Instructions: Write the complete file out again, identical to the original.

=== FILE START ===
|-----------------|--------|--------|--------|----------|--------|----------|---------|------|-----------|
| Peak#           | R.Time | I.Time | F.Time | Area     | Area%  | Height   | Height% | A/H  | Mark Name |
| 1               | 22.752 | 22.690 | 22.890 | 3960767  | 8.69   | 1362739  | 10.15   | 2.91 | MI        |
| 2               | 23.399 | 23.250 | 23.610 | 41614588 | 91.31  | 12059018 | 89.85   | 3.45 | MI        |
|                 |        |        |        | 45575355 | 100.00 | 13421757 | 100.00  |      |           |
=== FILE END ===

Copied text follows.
|-----------------|--------|--------|--------|----------|--------|----------|---------|------|-----------|
| Peak#           | R.Time | I.Time | F.Time | Area     | Area%  | Height   | Height% | A/H  | Mark Name |
| 1               | 22.752 | 22.690 | 22.890 | 3960767  | 8.69   | 1362739  | 10.15   | 2.91 | MI        |
| 2               | 23.399 | 23.250 | 23.610 | 41614588 | 91.31  | 12059018 | 89.85   | 3.45 | MI        |
|                 |        |        |        | 45575355 | 100.00 | 13421757 | 100.00  |      |           |